Vass Bednar is the founder of the newsletter Regs to Riches, a senior fellow at the Centre for International Governance Innovation and the executive director of McMaster University’s master of public policy in digital society program.
When the U.S. Senate passed a bill in December to restrict the use of TikTok on government-issued devices, Prime Minister Justin Trudeau noted that “we are watching what the Americans are doing.” But the government does more than just watch – it spent $21-million advertising on the likes of TikTok last year.
As we scroll these days, we may notice a government-promoted post, which means that we as taxpayers have paid to post information on a platform and push it into people’s feeds. The $21-million spent last year is at the crest of a steady increase over the years, up from $7.8-million in 2017. On TikTok specifically, the Government of Canada spent $1.7-million on ads last year, up 128 per cent from the previous year.
One may feel inclined to dismiss the scuffle with TikTok in the United States – purportedly over national security concerns regarding the Chinese-owned app – in the same way we ignore an irrelevant ad. Or we may rush to follow Washington’s lead in a show of solidarity. But another conversation is pertinent, one that forces us to re-examine our comfort with the government’s heavy spending on these platforms. Not only is the expenditure questionable, the government should not actively enrich platforms that are unaligned with core policy goals.
Last year, in addition to TikTok, the government’s $21-million in ad spending also spanned platforms such as Facebook/Instagram, Twitter, Snapchat, LinkedIn and (my personal favourite) Pinterest.
That represents just a modest increase from the almost $20-million it spent in the 2020-21 fiscal year. But in the year prior to that, fiscal 2019-20, that figure was only $8.6-million. In a year, the government’s spending on social media more than doubled.
While the pandemic might explain the big increase in social-media advertising, it does not explain the choice of that medium over the years.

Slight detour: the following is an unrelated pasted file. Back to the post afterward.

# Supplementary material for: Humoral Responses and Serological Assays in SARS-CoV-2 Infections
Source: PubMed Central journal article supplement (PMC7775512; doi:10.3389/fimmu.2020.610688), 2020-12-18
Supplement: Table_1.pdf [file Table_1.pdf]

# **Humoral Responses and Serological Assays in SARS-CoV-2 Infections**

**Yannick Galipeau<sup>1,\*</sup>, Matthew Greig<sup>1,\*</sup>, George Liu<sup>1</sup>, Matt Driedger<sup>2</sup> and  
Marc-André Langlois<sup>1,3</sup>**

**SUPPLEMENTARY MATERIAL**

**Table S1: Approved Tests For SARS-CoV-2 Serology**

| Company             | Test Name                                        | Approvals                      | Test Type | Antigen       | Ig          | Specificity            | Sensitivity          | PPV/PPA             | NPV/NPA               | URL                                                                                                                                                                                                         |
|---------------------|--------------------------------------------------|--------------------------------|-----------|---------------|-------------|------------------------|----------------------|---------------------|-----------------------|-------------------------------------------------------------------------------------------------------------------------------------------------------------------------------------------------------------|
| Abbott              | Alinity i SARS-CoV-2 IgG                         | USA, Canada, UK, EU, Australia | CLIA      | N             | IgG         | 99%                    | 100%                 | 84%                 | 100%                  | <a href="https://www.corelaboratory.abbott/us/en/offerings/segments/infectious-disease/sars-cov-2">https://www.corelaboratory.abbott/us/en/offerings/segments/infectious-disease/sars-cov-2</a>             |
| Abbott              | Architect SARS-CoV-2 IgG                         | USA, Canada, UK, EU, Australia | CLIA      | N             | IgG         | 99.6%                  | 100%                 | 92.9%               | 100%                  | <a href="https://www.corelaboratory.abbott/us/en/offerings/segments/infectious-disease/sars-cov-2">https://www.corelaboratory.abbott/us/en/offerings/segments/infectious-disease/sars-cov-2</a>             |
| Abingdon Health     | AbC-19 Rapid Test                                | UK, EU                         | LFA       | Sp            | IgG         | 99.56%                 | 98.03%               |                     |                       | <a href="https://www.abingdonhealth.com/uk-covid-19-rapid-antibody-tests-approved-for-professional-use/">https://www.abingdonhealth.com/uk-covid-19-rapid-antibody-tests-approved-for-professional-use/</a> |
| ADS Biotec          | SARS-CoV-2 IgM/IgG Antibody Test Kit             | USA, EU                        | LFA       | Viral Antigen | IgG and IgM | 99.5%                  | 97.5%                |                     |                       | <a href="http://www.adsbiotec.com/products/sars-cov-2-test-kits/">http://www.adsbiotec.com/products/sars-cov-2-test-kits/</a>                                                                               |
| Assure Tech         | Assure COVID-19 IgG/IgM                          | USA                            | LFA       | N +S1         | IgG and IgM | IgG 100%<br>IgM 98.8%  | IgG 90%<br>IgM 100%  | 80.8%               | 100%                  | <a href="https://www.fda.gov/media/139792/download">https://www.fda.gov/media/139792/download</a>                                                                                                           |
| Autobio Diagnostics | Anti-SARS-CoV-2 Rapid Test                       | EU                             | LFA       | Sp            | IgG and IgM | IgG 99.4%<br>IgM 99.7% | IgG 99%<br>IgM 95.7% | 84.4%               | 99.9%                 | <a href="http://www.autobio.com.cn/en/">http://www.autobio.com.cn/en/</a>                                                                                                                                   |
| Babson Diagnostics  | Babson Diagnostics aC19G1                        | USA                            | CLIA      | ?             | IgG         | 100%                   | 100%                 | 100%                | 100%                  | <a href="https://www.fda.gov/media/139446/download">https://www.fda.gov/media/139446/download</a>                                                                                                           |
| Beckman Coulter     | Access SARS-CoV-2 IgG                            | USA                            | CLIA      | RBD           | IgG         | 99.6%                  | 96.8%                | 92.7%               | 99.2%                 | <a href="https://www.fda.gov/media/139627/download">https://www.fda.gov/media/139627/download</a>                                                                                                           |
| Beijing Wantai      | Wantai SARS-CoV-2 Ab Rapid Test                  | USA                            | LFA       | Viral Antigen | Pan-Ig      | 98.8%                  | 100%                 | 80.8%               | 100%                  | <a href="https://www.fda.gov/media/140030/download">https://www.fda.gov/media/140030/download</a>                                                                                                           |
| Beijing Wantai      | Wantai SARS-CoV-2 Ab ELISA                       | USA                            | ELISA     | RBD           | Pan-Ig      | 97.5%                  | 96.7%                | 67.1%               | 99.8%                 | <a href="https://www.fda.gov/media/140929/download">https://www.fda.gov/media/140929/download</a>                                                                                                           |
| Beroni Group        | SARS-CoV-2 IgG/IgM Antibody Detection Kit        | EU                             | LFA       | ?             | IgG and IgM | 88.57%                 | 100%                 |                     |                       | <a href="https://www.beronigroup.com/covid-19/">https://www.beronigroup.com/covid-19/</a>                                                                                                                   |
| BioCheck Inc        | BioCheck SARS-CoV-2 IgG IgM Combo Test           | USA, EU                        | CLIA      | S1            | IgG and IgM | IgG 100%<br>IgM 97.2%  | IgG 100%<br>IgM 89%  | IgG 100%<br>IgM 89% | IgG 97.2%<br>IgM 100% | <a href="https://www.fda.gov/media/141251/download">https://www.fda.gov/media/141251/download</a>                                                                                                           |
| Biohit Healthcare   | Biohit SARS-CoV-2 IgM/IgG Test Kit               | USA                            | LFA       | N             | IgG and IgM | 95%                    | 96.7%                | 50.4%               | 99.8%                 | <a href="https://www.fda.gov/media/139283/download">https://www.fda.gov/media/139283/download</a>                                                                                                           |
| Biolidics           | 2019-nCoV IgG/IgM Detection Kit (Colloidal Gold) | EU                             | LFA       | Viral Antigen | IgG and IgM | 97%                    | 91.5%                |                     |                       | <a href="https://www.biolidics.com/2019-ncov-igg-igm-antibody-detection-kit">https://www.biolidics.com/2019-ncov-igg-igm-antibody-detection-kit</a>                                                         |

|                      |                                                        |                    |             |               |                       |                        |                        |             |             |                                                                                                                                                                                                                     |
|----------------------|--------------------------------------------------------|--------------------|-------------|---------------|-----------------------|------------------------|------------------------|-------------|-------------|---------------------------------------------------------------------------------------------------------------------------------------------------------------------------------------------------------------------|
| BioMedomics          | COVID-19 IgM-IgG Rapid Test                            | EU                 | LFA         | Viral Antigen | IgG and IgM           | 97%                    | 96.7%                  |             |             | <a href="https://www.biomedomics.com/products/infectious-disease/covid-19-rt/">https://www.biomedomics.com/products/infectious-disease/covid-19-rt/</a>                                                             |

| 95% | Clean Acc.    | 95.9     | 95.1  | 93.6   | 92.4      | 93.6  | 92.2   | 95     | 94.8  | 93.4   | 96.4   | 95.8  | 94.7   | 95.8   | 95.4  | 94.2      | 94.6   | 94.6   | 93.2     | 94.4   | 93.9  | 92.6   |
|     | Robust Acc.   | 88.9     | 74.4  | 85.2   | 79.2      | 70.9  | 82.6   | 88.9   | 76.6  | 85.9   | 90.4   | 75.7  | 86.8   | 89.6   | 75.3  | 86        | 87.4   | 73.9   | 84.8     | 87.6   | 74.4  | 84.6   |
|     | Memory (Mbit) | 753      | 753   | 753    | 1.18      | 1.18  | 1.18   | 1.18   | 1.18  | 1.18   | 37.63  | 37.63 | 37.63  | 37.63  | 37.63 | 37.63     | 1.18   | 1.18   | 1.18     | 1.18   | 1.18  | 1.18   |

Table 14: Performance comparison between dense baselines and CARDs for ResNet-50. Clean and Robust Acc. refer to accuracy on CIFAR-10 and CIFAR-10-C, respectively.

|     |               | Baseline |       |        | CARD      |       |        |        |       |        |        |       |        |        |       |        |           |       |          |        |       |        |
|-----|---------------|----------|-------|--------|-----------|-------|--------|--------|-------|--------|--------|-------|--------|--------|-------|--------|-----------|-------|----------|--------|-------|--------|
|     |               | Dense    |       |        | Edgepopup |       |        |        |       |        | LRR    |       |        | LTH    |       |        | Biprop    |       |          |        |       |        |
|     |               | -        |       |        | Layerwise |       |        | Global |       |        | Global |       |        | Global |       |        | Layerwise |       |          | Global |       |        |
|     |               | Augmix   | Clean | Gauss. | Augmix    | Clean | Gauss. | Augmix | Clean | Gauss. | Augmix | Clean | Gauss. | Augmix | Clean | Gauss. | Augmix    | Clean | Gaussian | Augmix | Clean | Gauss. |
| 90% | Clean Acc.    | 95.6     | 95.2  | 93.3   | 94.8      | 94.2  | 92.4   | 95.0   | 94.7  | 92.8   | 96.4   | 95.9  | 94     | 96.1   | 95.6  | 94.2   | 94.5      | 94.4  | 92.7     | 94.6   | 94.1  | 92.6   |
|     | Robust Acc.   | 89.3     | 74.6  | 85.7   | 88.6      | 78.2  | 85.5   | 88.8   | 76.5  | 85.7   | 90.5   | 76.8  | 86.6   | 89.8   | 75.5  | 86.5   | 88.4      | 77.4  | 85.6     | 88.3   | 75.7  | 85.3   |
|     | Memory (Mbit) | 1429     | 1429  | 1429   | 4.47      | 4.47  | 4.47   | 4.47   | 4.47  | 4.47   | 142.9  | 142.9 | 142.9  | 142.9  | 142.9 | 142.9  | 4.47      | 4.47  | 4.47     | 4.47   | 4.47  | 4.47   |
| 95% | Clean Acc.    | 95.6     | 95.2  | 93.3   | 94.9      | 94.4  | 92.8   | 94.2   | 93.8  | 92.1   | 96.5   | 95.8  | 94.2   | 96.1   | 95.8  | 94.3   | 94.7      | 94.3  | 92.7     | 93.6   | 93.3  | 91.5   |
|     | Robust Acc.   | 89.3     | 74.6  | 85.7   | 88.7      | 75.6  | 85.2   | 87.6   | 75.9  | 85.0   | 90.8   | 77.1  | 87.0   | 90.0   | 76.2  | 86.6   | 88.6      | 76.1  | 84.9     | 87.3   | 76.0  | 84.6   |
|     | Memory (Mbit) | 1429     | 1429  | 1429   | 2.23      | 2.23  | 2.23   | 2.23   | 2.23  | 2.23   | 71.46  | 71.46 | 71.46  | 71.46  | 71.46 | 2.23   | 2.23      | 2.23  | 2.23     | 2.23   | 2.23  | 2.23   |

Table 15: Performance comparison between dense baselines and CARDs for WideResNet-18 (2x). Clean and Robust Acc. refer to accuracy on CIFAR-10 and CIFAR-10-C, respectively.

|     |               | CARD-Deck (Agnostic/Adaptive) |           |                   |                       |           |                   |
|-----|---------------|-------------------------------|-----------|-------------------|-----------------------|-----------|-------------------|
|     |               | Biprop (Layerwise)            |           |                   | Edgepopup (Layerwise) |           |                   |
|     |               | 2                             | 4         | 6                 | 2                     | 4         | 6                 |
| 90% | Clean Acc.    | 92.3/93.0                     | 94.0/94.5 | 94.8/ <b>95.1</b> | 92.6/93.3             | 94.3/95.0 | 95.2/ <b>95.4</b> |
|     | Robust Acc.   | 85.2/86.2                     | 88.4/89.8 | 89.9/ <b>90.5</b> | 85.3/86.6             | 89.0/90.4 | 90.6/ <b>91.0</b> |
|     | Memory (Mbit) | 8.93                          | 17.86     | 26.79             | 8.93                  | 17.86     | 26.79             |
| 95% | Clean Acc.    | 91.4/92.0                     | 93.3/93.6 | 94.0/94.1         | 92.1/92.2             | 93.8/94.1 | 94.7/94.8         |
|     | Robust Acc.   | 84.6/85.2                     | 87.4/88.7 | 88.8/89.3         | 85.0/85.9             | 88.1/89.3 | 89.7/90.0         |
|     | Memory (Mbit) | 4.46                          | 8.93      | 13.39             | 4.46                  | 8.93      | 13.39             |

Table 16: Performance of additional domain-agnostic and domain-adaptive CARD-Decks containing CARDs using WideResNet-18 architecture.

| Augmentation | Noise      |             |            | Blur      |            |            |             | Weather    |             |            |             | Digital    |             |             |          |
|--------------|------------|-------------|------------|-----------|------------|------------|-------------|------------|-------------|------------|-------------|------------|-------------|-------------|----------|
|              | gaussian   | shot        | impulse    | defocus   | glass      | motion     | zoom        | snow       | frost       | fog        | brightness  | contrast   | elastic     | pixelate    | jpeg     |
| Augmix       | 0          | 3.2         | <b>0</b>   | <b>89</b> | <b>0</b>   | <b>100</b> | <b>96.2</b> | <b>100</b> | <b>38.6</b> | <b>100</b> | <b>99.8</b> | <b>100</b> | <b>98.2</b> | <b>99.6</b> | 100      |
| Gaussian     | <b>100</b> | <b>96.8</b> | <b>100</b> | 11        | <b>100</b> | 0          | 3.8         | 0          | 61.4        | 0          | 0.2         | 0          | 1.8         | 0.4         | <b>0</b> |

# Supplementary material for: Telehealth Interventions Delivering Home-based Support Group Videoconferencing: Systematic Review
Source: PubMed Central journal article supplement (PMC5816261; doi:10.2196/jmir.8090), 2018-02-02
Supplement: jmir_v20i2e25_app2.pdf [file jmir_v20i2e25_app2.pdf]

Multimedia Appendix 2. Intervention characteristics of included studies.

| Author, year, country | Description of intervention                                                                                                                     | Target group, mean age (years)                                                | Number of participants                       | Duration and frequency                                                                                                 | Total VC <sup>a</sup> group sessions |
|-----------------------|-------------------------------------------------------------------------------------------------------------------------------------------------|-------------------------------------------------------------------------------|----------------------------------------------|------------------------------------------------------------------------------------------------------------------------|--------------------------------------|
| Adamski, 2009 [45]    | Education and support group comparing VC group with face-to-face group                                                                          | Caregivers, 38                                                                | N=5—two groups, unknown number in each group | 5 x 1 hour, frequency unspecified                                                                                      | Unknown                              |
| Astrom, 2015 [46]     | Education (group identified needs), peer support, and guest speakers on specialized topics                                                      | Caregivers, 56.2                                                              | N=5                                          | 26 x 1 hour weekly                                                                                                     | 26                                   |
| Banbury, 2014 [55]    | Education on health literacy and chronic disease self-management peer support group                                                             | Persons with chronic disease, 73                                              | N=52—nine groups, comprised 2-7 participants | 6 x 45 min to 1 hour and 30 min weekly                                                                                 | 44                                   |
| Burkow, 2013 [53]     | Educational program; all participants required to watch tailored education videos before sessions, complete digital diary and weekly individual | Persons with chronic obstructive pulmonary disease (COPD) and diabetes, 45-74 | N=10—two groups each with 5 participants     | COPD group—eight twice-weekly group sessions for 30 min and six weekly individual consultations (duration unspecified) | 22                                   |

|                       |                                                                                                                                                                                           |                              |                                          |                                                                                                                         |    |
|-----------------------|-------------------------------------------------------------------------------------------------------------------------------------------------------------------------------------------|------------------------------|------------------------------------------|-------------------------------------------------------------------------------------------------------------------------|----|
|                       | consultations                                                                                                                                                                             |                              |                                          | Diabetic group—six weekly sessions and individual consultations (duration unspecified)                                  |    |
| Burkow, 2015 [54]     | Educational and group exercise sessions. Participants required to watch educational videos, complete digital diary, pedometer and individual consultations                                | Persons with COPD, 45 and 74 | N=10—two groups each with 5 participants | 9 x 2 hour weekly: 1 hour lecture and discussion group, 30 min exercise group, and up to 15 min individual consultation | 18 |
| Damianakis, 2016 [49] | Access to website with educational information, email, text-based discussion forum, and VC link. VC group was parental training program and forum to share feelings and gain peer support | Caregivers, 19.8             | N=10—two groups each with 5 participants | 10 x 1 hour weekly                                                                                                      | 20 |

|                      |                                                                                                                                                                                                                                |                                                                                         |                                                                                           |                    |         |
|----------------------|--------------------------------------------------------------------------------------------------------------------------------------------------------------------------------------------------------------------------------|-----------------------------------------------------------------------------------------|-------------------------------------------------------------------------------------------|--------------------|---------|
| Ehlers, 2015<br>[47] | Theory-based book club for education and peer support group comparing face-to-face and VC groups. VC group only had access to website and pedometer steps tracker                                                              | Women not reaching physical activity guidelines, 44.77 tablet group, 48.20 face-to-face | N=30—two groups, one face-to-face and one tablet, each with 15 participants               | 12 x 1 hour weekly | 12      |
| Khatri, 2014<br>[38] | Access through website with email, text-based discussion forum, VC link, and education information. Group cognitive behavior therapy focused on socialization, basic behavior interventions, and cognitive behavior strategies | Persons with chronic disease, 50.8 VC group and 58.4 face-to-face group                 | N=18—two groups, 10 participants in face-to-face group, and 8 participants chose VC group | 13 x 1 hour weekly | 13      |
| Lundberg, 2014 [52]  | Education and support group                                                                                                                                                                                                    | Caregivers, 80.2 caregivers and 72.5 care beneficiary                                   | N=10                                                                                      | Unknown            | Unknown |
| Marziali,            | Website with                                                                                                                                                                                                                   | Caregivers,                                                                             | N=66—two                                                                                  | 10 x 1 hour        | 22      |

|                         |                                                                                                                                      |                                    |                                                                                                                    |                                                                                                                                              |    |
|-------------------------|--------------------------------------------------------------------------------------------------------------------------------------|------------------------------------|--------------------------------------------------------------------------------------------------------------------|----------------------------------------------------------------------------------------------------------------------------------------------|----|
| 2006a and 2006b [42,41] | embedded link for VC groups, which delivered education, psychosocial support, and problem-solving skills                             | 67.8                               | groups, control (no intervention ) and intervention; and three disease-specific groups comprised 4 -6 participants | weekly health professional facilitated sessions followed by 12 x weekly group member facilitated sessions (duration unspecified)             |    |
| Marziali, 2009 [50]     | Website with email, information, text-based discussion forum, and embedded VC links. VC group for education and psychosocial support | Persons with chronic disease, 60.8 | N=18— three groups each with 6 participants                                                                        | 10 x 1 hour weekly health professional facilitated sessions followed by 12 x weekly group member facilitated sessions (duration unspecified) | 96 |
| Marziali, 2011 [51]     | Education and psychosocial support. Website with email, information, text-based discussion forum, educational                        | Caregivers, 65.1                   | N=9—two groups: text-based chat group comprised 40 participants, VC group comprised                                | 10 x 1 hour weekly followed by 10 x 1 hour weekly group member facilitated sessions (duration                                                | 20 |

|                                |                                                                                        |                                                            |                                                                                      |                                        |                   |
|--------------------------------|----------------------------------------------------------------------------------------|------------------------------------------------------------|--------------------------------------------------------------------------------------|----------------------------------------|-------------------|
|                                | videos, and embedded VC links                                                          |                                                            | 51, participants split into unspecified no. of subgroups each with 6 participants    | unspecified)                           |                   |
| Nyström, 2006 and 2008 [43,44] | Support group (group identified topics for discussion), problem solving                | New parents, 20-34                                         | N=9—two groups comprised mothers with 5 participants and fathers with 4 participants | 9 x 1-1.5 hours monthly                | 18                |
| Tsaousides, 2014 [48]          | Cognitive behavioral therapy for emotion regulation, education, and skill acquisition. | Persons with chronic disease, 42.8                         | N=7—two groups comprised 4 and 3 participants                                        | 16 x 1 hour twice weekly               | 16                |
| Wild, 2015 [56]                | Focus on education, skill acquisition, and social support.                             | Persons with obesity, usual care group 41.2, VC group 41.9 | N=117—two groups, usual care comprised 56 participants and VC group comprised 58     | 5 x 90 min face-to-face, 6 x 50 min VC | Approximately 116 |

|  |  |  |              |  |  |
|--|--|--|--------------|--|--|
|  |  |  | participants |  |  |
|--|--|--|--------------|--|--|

For that explanation, consider that some of this spending allocation may have been influenced by the Directive on the Management of Communications, which mandates that advertising expenditure must be “cost-effective,” naturally privileging social-media platforms. This directive may be an impediment to the government reallocating advertising dollars to more responsible actors.
There is a reason the U.S. government has banned TikTok from government devices aside from a few specific purposes. Many elements of the platform are problematic in terms of privacy and security and are blatantly incongruent with policy priorities. Moreover, the company behind the platform is the subject of various probes and regulatory efforts.
That is not to say that governments should not leverage these platforms as channels to convey official government business. These platforms are important places for politicians to engage with the public. Meeting people where they are can (and should) absolutely continue – without spending advertising dollars. The government must recognize that any additional financial support is a form of investment that acts as an implicit endorsement – one that is totally incompatible with its current suite of policy proposals for the digital economy.
Politicians should commit to abstaining from using taxpayer dollars to enrich these platforms. The directive for advertising expenditure should also be re-examined – yes, social media may be cheaper than traditional advertising, but when the avenue chosen conflicts with policy objectives, is it really “cost-effective”?